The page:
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Sonia Sosa

Sonia Sosa currently develops effective and affordable medical technologies for low-resource settings as a Global Health Fellow at Rice 360, where she leads the development of a low-cost Incubator and temperature monitor. She graduated in 2017 with a B.S in Engineering with a Biomedical Concentration from LeTourneau University. Sonia developed a passion for global health after traveling to Kenya for a research project involving user feedback for wheelchairs designed for underserved populations with mobility impairments. Following graduation, she spent 2 months in Rwanda with Engineering World Health receiving training in biomedical equipment repair and volunteering at Kibuye District Hospital. Sonia’s career goal is to improve quality healthcare services around the globe through technology, and hospital staff training on the use and maintenance of equipment.

Veronica Leautaud, PhD

Veronica Leautaud joined as Director of Education at Rice 360° in 2013. Prior to that, she worked as a Research Scientist at Rice University’s Department of Bioengineering, focusing on the development and clinical translation of imaging technologies and molecular diagnostics, with a special emphasis in making these technologies suitable for low resource settings. Dr. Leautaud’s previous training and teaching experience are in the areas of viral replication and cancer cell biology. She holds a B.S. in Human Nutrition from Universidad Iberoamericana, in Mexico City, and a Ph.D. in Biological Sciences in Public Health from Harvard University.

Christine Markham, PhD

Christine Markham, PhD, is an associate professor and associate department chair for the Department of Health Promotion and Behavioral Sciences at the University of Texas Health Science Center at Houston School of Public Health, Houston, Texas, and Associate Director for the Center for Health Promotion and Prevention Research. She has 25 years’ experience in child and adolescent health promotion. She has served as PI and Co-PI for multiple NIH-, CDC- and other federally-funded intervention studies across various health domains, including adolescent sexual health, childhood obesity prevention, and chronic disease management. These studies have been conducted in multiple settings (e.g., schools, clinics, communities, and homes) with diverse populations, including Hispanic, African-American, American Indian and Alaska Native, and HIV-positive youth. Much of her research focuses on the use of technology to increase the reach and implementation of evidence-based interventions (EBIs). Examples include It’s Your Game…Keep It Real, a multilevel, multimedia sexual health education curriculum for middle school students. Evaluated in two randomized controlled trials (Markham, Co-PI, PI), It’s Your Game is recognized by USDHHS Office of Adolescent Health as a teen pregnancy prevention EBI. Through dissemination efforts, It’s Your Game has been adopted by school districts across the U.S., reaching over 33,000 middle school students per year. She has extensive experience in Intervention Mapping (IM), a systematic, theory-, evidence-, and community-based framework for developing and adapting health promotion programs and implementation interventions. She is co-author of the IM textbook, Planning Health Promotion Programs: An Intervention Mapping Approach, 4th edition, and teaches graduate-level courses and workshops in IM nationally and internationally. Dr. Markham received her Masters of Arts degree in Anthropology from the University of Pennsylvania and her PhD in Behavioral Sciences from the University of Texas Health Science Center at Houston School of Public Health.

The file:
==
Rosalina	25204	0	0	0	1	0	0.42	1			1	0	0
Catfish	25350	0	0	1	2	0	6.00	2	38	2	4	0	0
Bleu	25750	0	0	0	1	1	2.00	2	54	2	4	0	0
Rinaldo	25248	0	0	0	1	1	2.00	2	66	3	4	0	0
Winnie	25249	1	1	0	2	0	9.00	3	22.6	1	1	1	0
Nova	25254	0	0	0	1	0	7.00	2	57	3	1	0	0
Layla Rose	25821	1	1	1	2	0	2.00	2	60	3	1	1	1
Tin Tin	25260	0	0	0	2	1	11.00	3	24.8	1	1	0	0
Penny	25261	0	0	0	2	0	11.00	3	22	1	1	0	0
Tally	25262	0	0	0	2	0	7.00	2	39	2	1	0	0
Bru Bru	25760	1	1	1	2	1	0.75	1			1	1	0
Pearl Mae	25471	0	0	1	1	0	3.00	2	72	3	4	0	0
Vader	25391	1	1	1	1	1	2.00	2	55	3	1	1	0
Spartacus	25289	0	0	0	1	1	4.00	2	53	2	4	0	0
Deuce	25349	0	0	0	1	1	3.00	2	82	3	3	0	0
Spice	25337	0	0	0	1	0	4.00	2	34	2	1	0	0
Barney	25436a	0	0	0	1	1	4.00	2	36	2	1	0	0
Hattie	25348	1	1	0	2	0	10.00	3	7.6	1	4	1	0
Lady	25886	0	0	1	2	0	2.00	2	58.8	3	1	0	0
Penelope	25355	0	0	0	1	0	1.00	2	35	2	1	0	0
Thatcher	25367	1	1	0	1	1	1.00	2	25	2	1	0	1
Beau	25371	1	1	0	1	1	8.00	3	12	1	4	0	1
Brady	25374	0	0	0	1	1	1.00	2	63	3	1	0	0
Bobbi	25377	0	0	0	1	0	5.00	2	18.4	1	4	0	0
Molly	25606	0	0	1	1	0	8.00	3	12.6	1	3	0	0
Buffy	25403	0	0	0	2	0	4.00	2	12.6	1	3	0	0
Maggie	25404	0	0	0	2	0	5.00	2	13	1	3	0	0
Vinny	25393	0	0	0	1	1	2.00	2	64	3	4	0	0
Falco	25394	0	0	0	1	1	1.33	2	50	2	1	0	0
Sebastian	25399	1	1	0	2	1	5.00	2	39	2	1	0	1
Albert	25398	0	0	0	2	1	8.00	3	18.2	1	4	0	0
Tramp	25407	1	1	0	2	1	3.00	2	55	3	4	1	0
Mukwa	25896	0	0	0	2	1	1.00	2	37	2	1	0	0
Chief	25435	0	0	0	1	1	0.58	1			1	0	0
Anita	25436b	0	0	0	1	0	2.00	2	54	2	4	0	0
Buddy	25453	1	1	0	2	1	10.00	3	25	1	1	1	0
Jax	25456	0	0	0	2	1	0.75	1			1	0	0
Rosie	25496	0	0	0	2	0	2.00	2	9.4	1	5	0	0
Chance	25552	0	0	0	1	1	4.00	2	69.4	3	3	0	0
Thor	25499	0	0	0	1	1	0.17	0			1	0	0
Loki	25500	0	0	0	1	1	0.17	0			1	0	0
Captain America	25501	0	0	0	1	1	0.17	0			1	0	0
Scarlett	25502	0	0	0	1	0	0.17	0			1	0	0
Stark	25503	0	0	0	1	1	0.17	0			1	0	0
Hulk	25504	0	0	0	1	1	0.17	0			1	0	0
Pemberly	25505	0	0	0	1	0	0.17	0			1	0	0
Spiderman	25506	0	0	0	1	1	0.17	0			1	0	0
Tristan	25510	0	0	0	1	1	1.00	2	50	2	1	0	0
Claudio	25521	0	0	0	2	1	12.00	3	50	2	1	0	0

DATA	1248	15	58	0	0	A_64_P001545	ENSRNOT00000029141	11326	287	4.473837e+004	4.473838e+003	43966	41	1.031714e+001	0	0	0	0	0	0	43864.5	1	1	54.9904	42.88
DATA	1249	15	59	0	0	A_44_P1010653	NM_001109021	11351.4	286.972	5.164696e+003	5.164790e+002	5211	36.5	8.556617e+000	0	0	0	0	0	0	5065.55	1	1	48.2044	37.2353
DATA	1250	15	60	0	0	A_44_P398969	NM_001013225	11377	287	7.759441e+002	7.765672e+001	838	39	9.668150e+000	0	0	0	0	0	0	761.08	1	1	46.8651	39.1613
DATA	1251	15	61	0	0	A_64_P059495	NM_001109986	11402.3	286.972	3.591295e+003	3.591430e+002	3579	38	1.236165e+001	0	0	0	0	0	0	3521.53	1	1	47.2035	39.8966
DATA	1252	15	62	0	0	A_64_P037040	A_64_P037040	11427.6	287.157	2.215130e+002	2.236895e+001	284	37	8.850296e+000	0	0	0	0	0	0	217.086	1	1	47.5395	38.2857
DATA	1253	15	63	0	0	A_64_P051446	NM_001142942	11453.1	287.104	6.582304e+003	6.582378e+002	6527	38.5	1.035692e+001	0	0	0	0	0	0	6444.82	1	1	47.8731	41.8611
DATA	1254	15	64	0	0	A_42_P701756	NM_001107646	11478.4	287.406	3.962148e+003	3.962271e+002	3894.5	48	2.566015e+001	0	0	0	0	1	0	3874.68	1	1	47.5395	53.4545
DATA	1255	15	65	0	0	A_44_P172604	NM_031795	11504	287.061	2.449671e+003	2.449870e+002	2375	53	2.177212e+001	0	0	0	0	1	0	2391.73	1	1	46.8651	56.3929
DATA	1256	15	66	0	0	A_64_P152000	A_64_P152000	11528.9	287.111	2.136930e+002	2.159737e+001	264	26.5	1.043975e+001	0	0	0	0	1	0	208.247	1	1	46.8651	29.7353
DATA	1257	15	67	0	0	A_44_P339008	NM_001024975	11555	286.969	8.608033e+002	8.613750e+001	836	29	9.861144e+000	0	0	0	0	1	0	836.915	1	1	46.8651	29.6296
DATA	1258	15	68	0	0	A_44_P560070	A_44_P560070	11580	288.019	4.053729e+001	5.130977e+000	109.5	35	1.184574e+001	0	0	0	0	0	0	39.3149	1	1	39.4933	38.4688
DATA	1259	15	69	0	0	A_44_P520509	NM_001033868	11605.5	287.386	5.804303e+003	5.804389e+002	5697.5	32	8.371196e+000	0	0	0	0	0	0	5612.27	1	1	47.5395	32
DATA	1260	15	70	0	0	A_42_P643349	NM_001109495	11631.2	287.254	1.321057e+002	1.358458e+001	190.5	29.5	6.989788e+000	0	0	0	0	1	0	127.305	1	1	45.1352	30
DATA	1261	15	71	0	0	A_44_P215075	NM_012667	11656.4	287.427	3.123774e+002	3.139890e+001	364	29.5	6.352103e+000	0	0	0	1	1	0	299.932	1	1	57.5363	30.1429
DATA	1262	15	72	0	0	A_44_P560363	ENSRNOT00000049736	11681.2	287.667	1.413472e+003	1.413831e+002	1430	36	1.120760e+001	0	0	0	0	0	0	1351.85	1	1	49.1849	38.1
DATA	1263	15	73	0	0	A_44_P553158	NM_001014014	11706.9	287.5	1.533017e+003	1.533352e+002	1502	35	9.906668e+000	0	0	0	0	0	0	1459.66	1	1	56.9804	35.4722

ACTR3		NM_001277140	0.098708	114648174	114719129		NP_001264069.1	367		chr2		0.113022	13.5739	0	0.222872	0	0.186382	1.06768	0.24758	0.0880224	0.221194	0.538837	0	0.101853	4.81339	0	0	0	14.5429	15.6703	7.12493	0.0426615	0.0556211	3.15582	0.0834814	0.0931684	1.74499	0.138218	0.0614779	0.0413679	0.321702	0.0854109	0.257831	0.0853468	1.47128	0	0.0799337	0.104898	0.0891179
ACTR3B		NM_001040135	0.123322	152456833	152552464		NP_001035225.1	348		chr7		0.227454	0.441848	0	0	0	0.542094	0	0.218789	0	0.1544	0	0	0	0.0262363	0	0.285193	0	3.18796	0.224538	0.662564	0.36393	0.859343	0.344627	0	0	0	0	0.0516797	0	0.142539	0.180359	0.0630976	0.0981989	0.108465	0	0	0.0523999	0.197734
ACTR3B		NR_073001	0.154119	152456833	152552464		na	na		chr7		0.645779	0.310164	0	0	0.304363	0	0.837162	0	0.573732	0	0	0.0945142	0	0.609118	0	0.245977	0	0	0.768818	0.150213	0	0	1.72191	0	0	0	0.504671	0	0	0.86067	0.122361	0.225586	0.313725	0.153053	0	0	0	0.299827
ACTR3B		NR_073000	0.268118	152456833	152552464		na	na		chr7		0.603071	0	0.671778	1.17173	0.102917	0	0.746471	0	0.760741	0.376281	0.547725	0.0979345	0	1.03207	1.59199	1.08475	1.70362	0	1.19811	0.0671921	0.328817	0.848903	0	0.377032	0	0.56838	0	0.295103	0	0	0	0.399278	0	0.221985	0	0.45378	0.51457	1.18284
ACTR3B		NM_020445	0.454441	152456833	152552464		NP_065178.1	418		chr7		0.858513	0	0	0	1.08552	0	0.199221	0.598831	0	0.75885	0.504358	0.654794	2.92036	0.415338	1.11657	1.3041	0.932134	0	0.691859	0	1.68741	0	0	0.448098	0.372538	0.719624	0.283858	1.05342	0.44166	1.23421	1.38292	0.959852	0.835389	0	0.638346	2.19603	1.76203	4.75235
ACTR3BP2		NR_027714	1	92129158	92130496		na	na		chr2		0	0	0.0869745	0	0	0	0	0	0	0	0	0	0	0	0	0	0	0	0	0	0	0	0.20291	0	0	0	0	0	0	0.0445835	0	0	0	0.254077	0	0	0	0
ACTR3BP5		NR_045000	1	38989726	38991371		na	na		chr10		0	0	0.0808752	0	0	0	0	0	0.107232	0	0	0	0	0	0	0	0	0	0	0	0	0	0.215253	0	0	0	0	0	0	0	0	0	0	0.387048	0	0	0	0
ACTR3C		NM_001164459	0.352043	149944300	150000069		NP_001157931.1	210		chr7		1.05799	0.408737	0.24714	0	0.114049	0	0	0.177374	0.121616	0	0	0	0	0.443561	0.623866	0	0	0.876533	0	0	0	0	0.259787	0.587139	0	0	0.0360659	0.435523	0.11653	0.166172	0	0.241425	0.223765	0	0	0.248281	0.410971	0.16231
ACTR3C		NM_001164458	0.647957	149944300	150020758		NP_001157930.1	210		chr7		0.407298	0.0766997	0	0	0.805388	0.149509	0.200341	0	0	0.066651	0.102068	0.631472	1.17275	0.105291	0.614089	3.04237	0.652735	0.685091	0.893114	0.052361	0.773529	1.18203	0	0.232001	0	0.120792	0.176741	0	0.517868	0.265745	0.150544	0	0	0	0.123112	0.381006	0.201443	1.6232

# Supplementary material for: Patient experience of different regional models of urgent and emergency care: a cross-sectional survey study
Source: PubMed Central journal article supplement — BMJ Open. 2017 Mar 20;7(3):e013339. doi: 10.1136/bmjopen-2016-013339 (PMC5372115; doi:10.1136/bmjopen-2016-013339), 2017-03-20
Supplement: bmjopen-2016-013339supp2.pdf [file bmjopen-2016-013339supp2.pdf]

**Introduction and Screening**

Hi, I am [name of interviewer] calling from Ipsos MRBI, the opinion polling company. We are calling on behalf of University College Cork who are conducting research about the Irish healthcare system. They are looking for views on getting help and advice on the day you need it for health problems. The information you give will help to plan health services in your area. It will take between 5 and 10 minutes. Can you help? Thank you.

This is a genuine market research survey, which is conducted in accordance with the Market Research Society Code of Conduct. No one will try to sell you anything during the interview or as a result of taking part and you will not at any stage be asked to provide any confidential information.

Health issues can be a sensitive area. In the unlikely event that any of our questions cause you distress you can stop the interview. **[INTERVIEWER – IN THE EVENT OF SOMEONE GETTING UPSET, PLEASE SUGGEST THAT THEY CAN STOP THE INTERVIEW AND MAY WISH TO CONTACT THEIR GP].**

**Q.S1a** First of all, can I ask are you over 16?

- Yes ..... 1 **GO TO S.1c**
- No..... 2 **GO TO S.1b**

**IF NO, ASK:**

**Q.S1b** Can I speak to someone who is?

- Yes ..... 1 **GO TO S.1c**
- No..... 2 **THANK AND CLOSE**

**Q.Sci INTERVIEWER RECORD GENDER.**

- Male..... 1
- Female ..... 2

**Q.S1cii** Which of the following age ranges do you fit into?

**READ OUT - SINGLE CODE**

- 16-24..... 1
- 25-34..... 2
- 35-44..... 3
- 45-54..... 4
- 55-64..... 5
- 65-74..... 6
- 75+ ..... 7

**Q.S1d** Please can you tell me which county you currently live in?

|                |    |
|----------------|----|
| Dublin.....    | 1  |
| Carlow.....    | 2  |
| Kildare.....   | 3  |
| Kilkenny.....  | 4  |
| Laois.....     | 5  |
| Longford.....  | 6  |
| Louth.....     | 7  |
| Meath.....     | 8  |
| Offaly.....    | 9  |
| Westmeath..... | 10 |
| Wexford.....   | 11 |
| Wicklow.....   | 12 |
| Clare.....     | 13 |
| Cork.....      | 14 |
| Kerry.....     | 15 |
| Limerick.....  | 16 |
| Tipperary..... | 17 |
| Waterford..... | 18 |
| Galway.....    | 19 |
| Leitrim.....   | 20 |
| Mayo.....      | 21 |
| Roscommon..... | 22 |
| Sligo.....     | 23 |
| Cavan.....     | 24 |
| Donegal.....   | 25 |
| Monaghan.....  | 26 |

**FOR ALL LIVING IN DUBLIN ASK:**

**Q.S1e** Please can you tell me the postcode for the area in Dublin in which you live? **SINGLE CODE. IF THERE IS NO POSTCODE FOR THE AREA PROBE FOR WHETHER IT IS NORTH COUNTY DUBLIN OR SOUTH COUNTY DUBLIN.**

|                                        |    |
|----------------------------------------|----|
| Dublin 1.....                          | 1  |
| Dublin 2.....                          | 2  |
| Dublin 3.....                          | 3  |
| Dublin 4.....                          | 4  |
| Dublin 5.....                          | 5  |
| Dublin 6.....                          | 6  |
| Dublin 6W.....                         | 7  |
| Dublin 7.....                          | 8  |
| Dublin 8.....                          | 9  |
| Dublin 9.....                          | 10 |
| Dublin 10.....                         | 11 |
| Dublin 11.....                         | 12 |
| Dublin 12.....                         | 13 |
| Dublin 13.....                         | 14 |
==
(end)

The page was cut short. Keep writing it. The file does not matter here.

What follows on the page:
Aastha Sharma, MS